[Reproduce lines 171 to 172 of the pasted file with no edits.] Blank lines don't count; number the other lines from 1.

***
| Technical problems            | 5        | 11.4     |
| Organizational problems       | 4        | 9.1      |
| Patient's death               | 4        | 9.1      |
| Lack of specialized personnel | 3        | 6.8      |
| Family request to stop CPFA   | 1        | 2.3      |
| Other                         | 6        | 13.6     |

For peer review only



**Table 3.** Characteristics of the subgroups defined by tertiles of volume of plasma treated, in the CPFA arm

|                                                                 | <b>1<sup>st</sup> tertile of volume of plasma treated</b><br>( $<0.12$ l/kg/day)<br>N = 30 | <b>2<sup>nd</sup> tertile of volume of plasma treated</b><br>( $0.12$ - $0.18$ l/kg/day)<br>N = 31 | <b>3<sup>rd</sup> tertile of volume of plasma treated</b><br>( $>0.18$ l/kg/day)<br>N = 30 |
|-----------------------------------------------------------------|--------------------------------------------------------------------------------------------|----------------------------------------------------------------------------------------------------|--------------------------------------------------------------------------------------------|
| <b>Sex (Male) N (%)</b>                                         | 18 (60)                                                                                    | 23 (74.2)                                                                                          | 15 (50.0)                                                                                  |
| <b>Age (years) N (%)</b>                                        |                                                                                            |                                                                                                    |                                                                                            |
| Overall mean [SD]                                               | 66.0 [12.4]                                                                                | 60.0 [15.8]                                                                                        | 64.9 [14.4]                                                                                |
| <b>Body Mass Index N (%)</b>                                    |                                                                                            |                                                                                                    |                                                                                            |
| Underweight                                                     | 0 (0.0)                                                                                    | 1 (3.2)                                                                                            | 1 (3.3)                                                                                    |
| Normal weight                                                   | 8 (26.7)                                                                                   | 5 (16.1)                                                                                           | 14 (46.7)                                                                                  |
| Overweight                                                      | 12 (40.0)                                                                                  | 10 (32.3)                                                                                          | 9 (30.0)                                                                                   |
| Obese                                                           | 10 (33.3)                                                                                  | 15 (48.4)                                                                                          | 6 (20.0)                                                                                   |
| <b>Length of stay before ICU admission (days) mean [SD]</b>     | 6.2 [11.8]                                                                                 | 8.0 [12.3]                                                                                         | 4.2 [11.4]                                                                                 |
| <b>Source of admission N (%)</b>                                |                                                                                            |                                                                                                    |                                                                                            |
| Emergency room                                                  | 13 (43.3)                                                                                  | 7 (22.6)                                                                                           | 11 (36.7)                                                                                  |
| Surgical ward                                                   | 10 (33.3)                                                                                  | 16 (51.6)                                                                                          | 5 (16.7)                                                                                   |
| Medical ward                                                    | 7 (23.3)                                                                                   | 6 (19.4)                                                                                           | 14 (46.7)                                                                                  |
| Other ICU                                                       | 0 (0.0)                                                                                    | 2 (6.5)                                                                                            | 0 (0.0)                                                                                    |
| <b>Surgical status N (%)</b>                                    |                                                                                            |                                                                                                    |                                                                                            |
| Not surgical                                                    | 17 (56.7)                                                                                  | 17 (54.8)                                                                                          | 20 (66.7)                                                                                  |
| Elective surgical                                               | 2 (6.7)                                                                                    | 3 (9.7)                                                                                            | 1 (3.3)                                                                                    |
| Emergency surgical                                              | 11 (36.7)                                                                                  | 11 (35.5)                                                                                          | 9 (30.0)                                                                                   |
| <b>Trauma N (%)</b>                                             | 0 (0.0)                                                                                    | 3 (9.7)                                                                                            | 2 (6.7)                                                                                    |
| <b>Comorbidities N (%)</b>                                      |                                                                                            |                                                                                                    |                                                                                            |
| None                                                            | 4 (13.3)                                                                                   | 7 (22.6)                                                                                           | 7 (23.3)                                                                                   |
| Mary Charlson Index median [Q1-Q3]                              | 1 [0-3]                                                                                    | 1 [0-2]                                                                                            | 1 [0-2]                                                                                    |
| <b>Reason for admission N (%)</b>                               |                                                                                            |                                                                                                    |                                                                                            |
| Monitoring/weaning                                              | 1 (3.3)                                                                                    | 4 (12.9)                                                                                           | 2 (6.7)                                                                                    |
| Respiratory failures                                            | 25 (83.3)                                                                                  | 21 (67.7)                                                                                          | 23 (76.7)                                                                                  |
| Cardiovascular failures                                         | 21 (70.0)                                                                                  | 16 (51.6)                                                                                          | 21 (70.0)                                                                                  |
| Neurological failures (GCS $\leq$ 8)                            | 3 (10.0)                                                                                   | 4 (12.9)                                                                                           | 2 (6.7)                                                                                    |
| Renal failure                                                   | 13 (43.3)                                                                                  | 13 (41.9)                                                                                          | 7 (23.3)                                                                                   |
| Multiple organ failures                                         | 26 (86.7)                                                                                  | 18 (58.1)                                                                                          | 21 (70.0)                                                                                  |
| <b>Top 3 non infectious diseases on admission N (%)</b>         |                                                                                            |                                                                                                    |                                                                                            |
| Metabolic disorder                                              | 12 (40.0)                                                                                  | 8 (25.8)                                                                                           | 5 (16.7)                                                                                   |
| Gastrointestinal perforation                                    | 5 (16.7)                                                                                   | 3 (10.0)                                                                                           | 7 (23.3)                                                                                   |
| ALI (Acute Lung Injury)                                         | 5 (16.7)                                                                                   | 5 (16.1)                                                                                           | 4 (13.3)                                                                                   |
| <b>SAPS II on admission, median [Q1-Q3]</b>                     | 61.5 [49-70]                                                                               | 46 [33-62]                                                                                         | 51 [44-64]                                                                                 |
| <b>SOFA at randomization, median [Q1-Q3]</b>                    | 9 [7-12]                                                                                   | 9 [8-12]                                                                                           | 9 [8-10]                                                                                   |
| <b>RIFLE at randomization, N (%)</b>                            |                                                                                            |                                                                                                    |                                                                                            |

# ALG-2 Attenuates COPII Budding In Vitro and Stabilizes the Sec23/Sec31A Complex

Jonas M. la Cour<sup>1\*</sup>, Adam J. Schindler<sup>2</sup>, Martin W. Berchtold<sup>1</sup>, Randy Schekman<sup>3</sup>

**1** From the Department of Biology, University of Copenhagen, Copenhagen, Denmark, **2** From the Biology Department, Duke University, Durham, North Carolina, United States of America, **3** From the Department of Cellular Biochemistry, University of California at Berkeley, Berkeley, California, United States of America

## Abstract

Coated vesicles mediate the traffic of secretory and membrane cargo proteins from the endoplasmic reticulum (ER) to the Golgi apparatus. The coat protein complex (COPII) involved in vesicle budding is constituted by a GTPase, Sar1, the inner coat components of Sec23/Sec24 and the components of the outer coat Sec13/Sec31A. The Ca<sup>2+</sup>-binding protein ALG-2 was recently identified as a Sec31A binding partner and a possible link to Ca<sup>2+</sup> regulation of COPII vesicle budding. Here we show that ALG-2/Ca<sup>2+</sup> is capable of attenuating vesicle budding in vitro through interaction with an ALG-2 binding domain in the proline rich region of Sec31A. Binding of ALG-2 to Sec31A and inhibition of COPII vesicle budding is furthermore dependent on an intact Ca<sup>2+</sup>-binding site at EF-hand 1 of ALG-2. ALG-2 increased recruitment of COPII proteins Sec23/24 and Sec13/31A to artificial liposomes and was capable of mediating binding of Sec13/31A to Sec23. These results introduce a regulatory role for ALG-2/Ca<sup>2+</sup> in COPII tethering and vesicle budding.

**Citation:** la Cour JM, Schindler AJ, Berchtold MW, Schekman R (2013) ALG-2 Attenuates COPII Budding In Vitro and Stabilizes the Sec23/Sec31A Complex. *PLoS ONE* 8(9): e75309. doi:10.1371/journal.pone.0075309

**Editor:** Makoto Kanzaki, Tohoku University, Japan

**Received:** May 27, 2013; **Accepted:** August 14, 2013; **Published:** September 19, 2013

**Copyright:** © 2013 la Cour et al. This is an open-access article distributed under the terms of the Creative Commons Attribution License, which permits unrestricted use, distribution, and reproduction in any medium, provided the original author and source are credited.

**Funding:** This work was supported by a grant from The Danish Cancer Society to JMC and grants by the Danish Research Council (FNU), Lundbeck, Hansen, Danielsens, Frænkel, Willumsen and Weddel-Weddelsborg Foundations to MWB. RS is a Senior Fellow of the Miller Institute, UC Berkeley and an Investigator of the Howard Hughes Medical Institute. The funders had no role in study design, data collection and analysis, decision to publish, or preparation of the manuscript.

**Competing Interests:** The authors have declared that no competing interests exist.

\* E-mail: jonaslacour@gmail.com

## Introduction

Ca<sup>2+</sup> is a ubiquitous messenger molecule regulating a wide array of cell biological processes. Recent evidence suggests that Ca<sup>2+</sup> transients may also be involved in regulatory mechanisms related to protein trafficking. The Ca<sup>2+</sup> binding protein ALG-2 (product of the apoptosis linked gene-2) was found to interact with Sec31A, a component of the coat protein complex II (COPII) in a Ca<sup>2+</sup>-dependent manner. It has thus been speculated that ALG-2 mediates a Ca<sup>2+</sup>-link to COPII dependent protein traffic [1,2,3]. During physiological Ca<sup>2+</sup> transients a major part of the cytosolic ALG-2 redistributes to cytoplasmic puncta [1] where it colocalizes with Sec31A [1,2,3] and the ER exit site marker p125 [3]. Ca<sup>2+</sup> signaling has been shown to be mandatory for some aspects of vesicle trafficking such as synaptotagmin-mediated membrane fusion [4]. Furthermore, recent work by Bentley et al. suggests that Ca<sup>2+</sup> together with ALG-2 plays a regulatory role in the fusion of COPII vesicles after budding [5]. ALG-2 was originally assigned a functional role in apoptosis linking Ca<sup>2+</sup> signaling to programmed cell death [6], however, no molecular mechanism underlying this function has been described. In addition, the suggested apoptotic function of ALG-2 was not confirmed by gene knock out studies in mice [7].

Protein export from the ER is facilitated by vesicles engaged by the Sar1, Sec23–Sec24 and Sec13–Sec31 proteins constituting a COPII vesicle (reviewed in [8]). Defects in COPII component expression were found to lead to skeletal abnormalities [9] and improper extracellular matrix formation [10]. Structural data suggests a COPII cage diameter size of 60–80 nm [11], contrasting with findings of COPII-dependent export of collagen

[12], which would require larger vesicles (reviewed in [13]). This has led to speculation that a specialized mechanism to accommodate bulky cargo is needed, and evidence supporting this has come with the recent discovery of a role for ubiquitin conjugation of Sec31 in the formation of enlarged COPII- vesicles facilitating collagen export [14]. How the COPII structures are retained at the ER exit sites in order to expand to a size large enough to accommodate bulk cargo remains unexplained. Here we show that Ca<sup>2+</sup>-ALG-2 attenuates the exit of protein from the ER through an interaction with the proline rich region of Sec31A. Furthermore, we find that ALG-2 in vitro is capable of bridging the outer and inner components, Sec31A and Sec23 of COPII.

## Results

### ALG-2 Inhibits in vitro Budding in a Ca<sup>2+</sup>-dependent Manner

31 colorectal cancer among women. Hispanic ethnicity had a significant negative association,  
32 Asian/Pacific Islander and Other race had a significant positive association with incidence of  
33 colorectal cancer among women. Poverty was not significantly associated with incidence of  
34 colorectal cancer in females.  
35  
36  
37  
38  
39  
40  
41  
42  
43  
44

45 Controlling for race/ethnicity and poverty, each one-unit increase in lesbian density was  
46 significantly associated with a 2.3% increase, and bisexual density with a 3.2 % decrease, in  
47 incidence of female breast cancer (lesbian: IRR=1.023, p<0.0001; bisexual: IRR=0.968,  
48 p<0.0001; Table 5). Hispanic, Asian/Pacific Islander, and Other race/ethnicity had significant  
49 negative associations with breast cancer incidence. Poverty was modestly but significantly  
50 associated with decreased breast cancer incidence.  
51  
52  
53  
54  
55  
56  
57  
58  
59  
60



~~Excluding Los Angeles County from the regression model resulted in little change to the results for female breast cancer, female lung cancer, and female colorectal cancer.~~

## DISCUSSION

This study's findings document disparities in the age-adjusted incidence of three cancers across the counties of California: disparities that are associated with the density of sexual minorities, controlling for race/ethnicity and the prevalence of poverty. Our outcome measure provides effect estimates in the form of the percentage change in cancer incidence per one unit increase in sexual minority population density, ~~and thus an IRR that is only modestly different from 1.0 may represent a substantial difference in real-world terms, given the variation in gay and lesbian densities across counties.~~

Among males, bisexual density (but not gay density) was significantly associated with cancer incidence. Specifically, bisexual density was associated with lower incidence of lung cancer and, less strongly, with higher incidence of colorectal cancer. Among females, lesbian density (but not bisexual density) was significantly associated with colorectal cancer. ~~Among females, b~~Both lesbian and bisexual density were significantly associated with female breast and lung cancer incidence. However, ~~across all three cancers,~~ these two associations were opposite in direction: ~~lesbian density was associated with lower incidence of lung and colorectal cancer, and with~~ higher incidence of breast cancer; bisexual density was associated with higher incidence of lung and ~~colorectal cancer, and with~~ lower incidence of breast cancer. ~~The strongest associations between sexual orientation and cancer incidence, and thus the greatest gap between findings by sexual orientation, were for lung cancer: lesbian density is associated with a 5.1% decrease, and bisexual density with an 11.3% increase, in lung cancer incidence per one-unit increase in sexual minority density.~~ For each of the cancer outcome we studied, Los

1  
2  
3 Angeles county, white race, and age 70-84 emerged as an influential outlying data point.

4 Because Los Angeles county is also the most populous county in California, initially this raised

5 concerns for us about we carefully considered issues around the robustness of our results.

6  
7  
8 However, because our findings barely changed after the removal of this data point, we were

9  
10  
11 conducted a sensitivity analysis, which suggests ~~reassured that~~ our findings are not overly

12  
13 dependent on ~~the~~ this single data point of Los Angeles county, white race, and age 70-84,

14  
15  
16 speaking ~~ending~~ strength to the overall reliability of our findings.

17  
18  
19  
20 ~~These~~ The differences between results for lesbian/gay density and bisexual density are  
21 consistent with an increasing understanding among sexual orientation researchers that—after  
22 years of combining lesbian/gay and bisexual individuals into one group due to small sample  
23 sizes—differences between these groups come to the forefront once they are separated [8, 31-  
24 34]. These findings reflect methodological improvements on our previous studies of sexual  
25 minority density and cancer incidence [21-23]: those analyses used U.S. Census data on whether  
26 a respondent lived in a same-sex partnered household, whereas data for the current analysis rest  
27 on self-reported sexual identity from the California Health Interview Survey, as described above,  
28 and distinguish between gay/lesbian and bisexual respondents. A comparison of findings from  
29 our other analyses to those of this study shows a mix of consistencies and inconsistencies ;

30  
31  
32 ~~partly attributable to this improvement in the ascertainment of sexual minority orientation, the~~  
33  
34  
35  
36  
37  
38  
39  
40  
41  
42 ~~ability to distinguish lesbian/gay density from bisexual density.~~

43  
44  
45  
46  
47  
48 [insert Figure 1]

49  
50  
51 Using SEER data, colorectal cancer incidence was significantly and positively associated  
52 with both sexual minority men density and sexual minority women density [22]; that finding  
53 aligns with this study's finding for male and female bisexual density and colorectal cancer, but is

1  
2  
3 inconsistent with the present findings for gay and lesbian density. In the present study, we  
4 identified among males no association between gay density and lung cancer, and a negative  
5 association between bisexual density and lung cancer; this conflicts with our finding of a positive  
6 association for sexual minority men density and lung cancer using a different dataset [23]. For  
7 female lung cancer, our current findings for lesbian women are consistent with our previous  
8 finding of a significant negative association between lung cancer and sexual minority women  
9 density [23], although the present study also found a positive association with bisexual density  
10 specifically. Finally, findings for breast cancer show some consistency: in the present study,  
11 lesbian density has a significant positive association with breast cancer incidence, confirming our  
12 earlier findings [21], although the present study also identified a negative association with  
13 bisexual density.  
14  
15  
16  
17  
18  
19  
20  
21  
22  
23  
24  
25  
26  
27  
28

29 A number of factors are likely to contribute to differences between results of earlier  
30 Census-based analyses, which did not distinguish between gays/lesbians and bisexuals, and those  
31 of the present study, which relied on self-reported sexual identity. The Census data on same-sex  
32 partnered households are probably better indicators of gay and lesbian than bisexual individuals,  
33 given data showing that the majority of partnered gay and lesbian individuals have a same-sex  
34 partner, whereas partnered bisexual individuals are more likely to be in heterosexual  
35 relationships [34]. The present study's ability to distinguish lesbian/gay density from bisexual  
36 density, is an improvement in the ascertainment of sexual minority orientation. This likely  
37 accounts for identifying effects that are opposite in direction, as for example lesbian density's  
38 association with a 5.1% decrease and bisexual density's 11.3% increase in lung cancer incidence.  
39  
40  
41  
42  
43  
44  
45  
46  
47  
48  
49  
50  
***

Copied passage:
20  
21  